The things you won't find here are the towers (torres) and windmills (molinos) that originally gave the little fishing village its name. They have been bulldozed under and replaced with soulless concrete bunkers. Today Torremolinos has been rechristened "Torrie" by its hordes of package-tour devotees.
Most visitors are here for the beaches, not the Mudéjar architecture. There are two: El Bajondillo (aka Playa de Bajondill) and La Carihuela, the latter bordering the old fishing village that is now engulfed in development. The sands are gray.
These beaches are packed in July and August, when you'll find yourself lying next to a dishwasher from Hamburg, a shoe salesman from Leicester, and a janitor of an office building in Stockholm. Let the rich and famous enjoy Marbella. Torremolinos is blue collar -- and proud of it.
Unless Torremolinos is leveled to the ground and rebuilt, it will always be a tacky parody of a Spanish seaside resort. Even so, there have been signs of improvement, especially in the recently finished promenade along the seafront that runs all the way to the old fishing village of La Carihuela. It's quite panoramic for the most part. Some of the most offensive stores in the old quarter of Torremolinos -- those hawking dildos, for example -- are now largely gone, and it's amusing to wander the narrow streets and maze of old alleys. You certainly never have to worry about getting a drink, as the bar-per-block ratio is about three to one.
City officials try to amuse their summer visitors with free events, including music and dance festivals, even jazz concerts and sporting competitions as well.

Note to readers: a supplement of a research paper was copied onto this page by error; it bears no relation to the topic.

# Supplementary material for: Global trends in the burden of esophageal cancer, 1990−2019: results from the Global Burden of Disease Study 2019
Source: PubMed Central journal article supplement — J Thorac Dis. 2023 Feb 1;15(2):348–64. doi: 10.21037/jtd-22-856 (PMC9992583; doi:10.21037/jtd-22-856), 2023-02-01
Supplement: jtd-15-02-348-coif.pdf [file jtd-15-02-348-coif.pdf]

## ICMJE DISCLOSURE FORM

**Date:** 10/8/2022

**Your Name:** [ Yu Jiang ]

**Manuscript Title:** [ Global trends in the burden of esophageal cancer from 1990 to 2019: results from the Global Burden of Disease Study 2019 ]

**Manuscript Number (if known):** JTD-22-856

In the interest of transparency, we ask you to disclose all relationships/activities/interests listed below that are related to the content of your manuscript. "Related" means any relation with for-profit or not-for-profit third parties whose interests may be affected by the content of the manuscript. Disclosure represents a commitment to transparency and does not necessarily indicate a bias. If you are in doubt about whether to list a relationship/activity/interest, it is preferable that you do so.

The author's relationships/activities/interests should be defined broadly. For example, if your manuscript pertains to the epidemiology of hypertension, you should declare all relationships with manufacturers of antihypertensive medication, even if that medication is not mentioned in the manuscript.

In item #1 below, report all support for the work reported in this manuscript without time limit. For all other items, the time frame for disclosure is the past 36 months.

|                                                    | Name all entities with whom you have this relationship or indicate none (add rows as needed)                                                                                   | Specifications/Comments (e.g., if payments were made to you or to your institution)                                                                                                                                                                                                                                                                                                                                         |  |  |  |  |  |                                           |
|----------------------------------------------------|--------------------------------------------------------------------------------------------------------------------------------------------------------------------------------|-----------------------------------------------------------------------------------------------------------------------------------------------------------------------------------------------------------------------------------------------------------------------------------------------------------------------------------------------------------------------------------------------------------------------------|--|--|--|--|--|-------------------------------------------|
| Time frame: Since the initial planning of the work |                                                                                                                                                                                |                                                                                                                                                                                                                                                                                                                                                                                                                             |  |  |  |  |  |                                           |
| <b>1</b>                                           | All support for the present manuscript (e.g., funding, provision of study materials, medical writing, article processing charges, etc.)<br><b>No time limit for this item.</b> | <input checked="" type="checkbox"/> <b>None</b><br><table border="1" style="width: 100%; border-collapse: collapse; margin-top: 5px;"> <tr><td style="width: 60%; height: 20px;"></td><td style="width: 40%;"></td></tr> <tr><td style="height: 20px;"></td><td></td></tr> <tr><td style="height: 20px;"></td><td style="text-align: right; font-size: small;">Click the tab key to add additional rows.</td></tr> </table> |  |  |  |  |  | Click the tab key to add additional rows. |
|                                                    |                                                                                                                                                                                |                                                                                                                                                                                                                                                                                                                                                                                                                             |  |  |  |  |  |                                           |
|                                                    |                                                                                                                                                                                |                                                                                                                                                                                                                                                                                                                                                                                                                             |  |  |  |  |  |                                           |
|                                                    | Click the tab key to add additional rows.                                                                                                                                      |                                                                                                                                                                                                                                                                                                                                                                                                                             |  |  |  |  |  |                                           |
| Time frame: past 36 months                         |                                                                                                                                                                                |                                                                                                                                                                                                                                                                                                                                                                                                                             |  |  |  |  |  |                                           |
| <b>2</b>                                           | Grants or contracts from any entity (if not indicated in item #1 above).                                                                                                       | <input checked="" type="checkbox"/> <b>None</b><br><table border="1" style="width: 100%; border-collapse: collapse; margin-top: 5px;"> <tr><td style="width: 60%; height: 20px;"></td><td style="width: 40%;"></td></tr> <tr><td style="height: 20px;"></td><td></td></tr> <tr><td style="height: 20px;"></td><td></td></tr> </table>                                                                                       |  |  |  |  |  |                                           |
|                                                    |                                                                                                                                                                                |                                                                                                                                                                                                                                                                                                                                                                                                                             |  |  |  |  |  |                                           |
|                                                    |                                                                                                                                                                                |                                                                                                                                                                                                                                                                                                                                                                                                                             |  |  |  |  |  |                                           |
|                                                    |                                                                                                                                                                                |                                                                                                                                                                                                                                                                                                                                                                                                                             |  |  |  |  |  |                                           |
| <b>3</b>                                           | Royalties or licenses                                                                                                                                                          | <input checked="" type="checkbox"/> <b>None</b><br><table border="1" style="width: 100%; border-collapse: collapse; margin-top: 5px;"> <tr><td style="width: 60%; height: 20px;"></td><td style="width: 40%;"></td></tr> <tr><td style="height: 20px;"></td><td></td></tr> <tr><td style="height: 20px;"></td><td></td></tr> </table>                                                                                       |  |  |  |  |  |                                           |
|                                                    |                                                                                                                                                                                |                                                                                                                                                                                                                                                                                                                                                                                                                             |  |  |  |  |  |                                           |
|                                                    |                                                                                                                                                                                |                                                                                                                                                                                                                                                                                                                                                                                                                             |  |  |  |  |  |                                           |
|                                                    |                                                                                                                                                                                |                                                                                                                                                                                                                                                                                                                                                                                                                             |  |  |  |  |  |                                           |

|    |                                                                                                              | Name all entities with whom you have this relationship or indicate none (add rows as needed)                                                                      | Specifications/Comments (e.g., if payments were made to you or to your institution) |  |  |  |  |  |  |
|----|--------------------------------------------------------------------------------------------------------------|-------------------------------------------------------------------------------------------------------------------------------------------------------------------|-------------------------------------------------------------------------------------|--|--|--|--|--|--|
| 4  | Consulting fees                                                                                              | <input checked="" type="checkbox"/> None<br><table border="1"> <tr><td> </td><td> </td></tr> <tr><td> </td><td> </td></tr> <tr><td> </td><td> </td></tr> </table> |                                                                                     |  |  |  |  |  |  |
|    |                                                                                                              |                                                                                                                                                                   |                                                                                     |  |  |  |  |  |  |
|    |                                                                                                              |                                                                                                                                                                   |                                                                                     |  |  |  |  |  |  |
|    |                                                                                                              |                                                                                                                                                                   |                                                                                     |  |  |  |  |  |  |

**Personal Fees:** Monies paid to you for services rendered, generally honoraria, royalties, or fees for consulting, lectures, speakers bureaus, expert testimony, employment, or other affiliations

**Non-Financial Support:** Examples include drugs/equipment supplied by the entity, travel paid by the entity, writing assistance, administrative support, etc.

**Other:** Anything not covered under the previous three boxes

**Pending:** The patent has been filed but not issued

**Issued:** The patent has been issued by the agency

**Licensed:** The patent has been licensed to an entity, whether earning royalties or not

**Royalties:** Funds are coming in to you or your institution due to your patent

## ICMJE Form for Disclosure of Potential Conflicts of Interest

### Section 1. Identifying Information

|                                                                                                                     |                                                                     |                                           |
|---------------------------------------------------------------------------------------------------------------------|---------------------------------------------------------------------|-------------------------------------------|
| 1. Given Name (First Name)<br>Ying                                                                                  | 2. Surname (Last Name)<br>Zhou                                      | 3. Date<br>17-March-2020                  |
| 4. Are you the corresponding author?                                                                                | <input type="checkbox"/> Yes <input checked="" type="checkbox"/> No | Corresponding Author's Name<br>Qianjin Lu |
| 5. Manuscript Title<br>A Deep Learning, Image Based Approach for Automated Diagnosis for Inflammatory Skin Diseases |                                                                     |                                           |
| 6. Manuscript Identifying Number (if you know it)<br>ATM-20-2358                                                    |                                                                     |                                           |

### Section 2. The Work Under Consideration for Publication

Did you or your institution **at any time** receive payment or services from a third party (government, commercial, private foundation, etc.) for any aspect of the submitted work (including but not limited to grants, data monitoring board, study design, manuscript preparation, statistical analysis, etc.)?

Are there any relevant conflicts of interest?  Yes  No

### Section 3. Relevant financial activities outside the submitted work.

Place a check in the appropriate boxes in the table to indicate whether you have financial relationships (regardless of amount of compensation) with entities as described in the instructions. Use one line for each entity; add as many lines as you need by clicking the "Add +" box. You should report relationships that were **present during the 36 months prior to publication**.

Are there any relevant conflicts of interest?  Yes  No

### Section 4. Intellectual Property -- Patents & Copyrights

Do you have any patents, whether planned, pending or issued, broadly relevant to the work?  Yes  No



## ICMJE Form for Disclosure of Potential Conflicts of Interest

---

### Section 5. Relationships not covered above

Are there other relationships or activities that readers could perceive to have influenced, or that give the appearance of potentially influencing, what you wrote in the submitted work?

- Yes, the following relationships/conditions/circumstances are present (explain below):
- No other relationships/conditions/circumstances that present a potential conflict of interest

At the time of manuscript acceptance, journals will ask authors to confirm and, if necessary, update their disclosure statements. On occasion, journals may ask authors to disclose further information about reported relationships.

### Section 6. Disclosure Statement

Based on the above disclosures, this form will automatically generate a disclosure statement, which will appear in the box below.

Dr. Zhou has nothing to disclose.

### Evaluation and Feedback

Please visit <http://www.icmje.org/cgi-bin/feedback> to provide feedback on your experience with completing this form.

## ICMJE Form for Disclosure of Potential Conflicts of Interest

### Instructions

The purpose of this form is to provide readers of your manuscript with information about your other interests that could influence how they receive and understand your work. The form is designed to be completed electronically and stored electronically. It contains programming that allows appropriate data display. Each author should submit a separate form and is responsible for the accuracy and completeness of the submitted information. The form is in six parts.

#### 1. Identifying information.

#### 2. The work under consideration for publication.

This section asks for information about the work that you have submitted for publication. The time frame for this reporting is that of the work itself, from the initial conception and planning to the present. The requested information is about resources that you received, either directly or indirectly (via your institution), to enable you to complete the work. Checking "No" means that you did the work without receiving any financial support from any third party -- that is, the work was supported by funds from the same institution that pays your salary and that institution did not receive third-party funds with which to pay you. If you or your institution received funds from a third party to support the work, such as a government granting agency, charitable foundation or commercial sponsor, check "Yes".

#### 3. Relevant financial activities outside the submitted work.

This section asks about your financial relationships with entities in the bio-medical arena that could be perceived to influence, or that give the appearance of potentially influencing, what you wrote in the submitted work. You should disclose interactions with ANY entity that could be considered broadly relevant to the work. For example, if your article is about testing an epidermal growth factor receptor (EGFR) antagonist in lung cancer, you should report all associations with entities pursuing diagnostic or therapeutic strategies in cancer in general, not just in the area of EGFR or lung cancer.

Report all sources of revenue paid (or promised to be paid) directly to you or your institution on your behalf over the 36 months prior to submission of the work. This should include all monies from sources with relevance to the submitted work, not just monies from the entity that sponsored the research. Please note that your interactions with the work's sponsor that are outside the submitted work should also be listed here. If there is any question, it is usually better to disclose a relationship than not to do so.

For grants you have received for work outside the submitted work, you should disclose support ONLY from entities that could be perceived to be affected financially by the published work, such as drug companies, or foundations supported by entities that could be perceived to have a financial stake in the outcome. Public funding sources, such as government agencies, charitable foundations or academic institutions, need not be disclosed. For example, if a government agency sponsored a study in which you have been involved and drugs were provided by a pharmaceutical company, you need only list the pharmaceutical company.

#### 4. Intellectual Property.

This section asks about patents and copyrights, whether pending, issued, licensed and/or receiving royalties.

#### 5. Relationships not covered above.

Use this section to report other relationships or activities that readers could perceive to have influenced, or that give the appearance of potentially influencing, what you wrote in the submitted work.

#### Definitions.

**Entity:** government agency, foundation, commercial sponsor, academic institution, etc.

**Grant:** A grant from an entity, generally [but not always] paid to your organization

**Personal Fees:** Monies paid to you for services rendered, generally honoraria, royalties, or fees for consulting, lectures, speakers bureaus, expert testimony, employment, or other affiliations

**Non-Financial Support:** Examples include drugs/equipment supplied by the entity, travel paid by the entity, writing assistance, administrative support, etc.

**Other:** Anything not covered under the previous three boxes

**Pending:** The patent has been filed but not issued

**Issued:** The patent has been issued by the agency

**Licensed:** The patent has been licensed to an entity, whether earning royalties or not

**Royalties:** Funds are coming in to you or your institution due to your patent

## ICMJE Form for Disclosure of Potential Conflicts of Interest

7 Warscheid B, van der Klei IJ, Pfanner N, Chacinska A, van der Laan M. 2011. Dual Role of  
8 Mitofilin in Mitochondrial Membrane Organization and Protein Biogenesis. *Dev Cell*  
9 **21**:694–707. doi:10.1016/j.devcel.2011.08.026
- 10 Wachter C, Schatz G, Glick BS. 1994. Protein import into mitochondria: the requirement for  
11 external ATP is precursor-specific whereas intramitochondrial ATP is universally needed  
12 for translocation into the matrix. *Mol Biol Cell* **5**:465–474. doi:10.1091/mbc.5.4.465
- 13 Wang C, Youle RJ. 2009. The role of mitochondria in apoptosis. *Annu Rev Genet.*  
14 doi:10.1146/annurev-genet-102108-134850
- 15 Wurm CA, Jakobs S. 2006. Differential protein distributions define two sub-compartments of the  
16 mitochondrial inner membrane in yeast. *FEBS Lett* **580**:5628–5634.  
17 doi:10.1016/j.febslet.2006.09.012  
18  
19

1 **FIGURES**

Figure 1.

Torrie's Heartland & La Carihuela
While visiting Torrie's overcrowded streets, keep a close grip on your purse or wallet. The resort is divided into two parts, the main town and the fishing village down below. Locals, especially British expats, call the main square "Central T-town." It centers on the traffic-clogged Plaza Costa del Sol, where you are likely to see an international parade of passersby. The main shopping street is Calle San Miguel, hawking some of the junkiest souvenirs in Andalusia. But, surprise, some excellent Spanish goods will often appear in a shop selling otherwise tawdry crafts not worth the suitcase space.
Brash, bold Plaza Nogalera in the heart of Torremolinos is active day and night. Expect sangria bars, gay hangouts, dance clubs, tascas (taverns) -- and inflated prices. Pick and choose carefully here.
For strolling, we prefer nearby Pueblo Blanco, off Calle Casablanca. It doesn't assault you quite as vigorously as Nogalera.
La Carihuela is west of Torrie's center and is most often approached via Avenida Carlotta Alessandri. It has far more Spanish flavor than the town itself, and there are many old fishermen's cottages remaining, but none so compelling that you have to visit for that reason.
Most visit Carihuela for its excellent fish restaurants, many of which are quite naturally found along Paseo Marítimo. On a summer evening when the center of Torremolinos is blistering hot, a summer promenade in Carihuela, enjoying the fresh sea breezes, is the way to go. Andalusian families, who throng here by the thousands, seem to agree.